Poker Face’s latest episode explores the very idea of what a performance is, mining both comedy and tragedy in the process. Titled “Exit Stage Death,” the latest episode of Rian Johnson’s Poker Face is a deliriously meta episode that sees Natasha Lyonne’s human lie-detector, Charlie Cale, facing off against some of the biggest liars in the world: actors. “Exit Stage Death” sends Charlie careening into the glitz and glamour of Hollywood and the contrasting small-time antics of local stage plays, mining both the tragedy and comedy therein to wondrous effect.
“Exit Stage Death” centers on guest stars Ellen Barkin and Tim Meadows. Their characters were once co-leads of a successful cop procedural on television who are looking to recapture some of their former glory in their twilight years by staging a revival of the stage play that started both of their careers, the aptly titled “Ghosts of Pensacola.” However, things go awry when someone is murdered at the first performance of the play, leaving Charlie Cale current part-time server at the senior citizen catering podunk venue where “Ghosts of Pensacola” is being performed to solve the mystery.
Written by Chris Downey, the script for “Exit Stage Death” digs profoundly into an influence that Rian Johnson has turned to before to spectacular results: Alfred Hitchcock’s Vertigo. Not to spoil the nearly seventy-year-old masterpiece, but Vertigo explores the meta textual layers of the idea of “performance” with a narrative hook that reveals a great portion of the first half of the story has been deliberately staged for the main character’s benefit. “Exit Stage Death” embraces this idea and opportunity afforded to it by its own killer stage-play-set narrative hook in much the same way.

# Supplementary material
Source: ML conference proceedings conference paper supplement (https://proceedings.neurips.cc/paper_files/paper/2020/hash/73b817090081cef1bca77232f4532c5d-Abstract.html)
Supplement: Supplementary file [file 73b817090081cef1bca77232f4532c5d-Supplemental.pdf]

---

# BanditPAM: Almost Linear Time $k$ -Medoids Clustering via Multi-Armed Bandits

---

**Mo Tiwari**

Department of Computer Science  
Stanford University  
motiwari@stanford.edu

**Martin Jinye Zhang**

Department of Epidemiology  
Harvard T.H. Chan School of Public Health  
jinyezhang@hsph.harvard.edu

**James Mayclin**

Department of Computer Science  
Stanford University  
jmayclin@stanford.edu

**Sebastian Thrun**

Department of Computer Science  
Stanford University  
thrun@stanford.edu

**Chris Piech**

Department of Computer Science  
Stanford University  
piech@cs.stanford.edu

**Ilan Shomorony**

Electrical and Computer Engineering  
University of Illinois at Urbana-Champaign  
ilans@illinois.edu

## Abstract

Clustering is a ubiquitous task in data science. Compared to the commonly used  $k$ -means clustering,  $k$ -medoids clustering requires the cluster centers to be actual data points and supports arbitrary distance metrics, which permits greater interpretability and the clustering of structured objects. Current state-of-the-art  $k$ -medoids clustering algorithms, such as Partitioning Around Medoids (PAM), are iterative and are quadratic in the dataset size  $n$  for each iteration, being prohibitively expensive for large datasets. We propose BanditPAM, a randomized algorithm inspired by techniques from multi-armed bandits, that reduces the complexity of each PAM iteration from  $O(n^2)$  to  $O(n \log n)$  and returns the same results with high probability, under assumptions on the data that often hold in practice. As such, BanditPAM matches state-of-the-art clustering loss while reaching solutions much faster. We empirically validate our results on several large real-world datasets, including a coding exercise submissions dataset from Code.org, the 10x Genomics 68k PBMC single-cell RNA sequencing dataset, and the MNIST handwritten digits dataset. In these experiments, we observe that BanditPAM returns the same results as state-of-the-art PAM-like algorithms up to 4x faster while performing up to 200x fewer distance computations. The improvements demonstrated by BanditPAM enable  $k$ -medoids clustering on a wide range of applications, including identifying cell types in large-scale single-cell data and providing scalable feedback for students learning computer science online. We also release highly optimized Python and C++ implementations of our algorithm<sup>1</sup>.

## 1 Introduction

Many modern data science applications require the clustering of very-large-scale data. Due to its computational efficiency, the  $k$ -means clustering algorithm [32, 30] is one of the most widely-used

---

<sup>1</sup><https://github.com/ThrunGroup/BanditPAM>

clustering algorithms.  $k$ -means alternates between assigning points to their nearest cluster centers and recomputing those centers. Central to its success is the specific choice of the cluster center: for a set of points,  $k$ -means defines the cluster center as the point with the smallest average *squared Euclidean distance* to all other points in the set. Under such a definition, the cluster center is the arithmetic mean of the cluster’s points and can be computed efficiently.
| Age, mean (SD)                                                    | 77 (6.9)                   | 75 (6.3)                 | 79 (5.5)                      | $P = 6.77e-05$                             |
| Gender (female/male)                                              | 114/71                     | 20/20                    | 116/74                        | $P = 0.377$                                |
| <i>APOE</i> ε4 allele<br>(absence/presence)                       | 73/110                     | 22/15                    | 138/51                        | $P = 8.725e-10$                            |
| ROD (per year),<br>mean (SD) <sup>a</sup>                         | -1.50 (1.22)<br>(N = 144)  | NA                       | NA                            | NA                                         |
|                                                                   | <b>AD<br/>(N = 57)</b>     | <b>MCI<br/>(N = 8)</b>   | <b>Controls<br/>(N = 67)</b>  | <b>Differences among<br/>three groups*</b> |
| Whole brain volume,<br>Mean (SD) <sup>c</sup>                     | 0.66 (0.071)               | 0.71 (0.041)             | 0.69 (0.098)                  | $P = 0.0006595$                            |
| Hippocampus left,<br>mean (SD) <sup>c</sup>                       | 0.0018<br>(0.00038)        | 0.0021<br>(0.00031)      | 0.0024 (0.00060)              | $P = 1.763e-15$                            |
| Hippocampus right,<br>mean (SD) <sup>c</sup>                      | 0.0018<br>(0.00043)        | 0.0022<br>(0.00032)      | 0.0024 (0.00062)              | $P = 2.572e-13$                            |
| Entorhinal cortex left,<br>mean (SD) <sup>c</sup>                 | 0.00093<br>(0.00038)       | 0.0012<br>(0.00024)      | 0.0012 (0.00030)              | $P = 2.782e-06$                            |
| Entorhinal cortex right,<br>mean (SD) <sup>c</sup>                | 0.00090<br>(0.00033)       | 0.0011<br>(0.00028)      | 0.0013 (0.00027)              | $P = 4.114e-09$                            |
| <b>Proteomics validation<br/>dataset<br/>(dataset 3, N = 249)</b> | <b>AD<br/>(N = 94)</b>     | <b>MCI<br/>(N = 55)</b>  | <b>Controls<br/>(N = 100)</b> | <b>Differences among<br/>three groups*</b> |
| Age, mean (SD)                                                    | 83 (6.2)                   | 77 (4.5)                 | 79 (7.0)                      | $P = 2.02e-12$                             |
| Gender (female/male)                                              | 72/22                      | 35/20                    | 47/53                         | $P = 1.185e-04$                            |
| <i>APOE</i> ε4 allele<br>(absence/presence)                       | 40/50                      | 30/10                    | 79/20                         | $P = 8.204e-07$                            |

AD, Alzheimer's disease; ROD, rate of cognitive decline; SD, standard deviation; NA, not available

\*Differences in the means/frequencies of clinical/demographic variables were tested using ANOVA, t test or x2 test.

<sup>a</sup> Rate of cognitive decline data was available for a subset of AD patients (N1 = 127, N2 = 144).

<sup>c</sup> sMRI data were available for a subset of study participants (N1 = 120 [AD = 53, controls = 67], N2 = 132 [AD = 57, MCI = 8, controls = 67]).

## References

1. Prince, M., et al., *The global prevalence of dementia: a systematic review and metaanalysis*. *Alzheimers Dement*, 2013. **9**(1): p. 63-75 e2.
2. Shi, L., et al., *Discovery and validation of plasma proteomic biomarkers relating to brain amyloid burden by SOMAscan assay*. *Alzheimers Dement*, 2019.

Downey’s script revels in the opportunity to stage the grand deception in an even more layered and complex fashion. Simultaneously, director Ben Sinclair and cinematographer Jaron Presant take the ball and run with it, staging and framing so much of “Exit Stage Death” like a bona fide stage play. This includes keeping the frame wide and in deep focus when the audience is actively watching the play itself and utilizing longer takes. One long shot features over a dozen characters coming in and out of frame, all delivering crucial dialogue and performance beats, and it’s absolutely amazing.
Meadows and Barkin give phenomenal, layered performances. For Meadows, it’s wonderful to see the longtime scene-stealer step into the spotlight and deliver work that leans into his comedic talents and gives him room to expand into dramatic territory in striking ways. Barkin truly shines as the proclaimed Femme Fatale of the episode, delivering a robust performance with remarkable depth. Similarly, Audrey Corsa, Jameela Jamil, and Chris McKinney all do terrific work. And, of course, Natasha Lyonne is stone-cold perfect as Charlie.
In working so deliberately to explore the notion of performance throughout the episode, Sinclair and his team also highlight the technical prowess on display. Trayce Gigi Field’s costume design continues to be immaculate, Judy Rhee’s production design feels wonderfully articulate and alive (further accented by Presant’s tremendous lighting), Paul Swain’s editing is sublime, and the sound work throughout “Exit Stage Death” is powerful. Every episode of Poker Face has been a tour de force of cinematic craft, and “Exit Stage Death” proudly continues that tradition.
“Exit Stage Death” is yet another fantastic episode of Poker Face. Rian Johnson and co. continue to deliver phenomenal work weekly, making each episode feel fresh and invigorating. Having Lyonne’s Charlie get to test her bullshit detector on actors is such a killer concept. With everything from Hamilton gags to Vertigo influences to split diopters, “Exit Stage Death” is a cinephile’s delight.